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2 minutes reading time (308 words)

Understanding the jazz language

If you are interested in becoming an orchestrator, there is no better teacher than the music itself. Find an orchestral score and recording of Tchaikovsky's Nutcracker: listen, read, and learn! In so doing, you are making a connection between the written page and how it translates into sound.

If you want to become a better jazz musician, a similar approach is also valuable. Playing and analyzing arrangements is a big part of building your skills. In that spirit, I have written a Jazz setting of "Frere Jacques" for you. I hope that, in playing and analyzing this arrangement, you will broaden your understanding of the jazz language. Here are a few points of interest about the piece:

1. The introduction makes use of the melodic motif found in the fifth measure of the original tune. This introductory motif then becomes important material for the transition and key change in measures 13-16.

2. The first four bars of the melody (measures 5-8) use a harmonic device called pedal point. In pedal point, the harmony moves over a static bass (in this case, "e"). Pedal point is found in many types of music, from baroque to rock, and it serves many a jazz musician well.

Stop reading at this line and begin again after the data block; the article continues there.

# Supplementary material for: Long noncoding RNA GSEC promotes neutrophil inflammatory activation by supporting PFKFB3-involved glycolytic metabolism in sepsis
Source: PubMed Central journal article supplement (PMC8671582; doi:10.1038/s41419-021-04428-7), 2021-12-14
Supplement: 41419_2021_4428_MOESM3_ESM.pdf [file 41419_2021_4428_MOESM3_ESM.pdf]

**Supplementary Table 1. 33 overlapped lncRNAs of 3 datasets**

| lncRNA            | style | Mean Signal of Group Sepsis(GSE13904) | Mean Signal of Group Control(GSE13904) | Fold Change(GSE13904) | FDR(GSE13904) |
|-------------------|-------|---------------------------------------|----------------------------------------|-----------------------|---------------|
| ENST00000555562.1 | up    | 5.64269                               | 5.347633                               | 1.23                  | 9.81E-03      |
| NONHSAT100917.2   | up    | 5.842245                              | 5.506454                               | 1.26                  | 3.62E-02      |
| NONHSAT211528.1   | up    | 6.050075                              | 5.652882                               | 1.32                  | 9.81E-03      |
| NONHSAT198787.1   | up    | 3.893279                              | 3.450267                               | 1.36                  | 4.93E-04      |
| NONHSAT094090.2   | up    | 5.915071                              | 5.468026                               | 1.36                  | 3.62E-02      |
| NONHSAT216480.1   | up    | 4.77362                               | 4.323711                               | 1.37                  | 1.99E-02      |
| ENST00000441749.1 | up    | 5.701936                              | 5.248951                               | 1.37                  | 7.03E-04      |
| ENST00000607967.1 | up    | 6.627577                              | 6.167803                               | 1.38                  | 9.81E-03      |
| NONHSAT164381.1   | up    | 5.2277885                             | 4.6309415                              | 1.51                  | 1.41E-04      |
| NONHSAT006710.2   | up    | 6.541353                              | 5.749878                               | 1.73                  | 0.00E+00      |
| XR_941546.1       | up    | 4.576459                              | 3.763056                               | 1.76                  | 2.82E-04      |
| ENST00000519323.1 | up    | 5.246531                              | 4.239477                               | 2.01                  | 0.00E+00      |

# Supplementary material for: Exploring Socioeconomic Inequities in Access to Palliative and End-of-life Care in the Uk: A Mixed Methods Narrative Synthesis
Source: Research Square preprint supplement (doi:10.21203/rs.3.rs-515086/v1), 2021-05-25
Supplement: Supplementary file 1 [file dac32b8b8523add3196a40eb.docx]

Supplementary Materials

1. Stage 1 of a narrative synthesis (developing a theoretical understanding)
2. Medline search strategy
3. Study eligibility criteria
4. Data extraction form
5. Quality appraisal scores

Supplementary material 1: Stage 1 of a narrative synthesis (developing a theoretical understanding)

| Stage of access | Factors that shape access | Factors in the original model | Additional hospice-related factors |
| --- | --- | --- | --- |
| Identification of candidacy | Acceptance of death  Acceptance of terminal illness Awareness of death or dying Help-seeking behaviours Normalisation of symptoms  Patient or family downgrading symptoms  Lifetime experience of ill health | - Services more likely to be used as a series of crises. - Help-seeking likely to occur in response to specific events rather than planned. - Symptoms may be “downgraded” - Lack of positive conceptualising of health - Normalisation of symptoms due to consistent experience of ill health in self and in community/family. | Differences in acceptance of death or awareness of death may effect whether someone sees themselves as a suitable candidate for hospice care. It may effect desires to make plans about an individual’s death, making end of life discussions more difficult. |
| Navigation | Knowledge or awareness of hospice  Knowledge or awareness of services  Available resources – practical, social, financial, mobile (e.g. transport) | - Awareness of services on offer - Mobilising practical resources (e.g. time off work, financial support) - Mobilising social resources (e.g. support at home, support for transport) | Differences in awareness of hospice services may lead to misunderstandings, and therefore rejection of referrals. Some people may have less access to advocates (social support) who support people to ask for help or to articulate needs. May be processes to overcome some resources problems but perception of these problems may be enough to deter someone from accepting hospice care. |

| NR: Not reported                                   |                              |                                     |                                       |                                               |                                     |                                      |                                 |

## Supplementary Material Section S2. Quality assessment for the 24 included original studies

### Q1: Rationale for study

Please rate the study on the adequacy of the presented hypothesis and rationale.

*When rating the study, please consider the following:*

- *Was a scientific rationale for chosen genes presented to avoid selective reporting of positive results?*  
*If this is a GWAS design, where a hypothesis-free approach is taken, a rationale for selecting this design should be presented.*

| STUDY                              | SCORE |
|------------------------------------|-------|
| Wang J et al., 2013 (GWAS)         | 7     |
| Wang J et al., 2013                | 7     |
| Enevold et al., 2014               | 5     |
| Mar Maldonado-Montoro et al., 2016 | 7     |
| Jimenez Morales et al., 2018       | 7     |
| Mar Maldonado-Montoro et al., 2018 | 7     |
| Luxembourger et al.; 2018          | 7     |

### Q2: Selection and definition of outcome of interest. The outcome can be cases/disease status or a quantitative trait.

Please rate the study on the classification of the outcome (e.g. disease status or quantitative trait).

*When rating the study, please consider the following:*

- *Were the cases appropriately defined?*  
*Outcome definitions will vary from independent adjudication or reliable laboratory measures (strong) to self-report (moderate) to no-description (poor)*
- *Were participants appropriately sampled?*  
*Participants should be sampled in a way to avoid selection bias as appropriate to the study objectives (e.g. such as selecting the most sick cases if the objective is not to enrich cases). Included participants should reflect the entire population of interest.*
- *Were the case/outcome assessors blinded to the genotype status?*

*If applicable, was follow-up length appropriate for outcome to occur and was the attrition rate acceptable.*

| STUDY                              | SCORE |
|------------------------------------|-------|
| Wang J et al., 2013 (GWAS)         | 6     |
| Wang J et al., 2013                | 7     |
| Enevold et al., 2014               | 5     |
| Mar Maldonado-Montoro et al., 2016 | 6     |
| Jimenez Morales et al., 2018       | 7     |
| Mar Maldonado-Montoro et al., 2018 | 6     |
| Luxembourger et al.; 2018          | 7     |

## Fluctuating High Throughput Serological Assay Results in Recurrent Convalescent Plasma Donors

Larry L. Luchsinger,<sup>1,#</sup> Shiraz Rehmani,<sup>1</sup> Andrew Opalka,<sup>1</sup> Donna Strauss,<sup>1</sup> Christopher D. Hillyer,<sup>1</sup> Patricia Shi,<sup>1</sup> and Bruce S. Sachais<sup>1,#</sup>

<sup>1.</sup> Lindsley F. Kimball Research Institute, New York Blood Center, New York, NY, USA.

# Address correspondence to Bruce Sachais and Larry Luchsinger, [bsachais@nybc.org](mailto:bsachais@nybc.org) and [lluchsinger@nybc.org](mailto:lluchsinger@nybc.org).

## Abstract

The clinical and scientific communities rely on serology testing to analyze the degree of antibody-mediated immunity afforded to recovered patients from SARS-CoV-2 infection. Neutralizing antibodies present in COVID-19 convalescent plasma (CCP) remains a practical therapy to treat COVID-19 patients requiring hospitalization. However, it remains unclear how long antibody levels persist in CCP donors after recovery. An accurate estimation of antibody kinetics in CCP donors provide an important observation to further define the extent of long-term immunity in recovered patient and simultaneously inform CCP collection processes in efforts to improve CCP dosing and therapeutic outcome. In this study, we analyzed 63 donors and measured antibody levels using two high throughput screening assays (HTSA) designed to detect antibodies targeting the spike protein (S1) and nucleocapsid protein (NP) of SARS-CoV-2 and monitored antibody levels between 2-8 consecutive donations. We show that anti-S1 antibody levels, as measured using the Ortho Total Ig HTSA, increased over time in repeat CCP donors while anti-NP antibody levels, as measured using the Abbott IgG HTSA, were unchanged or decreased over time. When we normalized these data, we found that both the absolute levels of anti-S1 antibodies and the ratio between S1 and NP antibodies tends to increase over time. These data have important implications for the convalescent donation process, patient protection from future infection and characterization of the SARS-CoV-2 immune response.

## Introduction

3. Note the descending alto line in measures 9-12. An inner chromatic part such as this provides "glue" to jazz progressions, creating stability as other parts move around it.

4. The harmonic progression in measures 17-18 (I-vi-ii-V) is a pop "cliche" and can be found in countless songs.

5. Pedal point appears again in measures 21-22.

6. Measures 28-36 feature a minor key variation. Swing the eighth note and keep the articulations crisp. The descending bass line in measures 32-33 imitates a jazz "walking bass." '"

Happy playing!

The music for Frere Jacques appears on page 30. 

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Piano Magazine is the leading resource for pianists, piano teachers, and piano enthusiasts. We bring you informative, interesting, and inspiring ideas on all aspects of piano teaching, learning, and performing. The official name of Clavier Companion magazine was changed to Piano Magazine in 2019.

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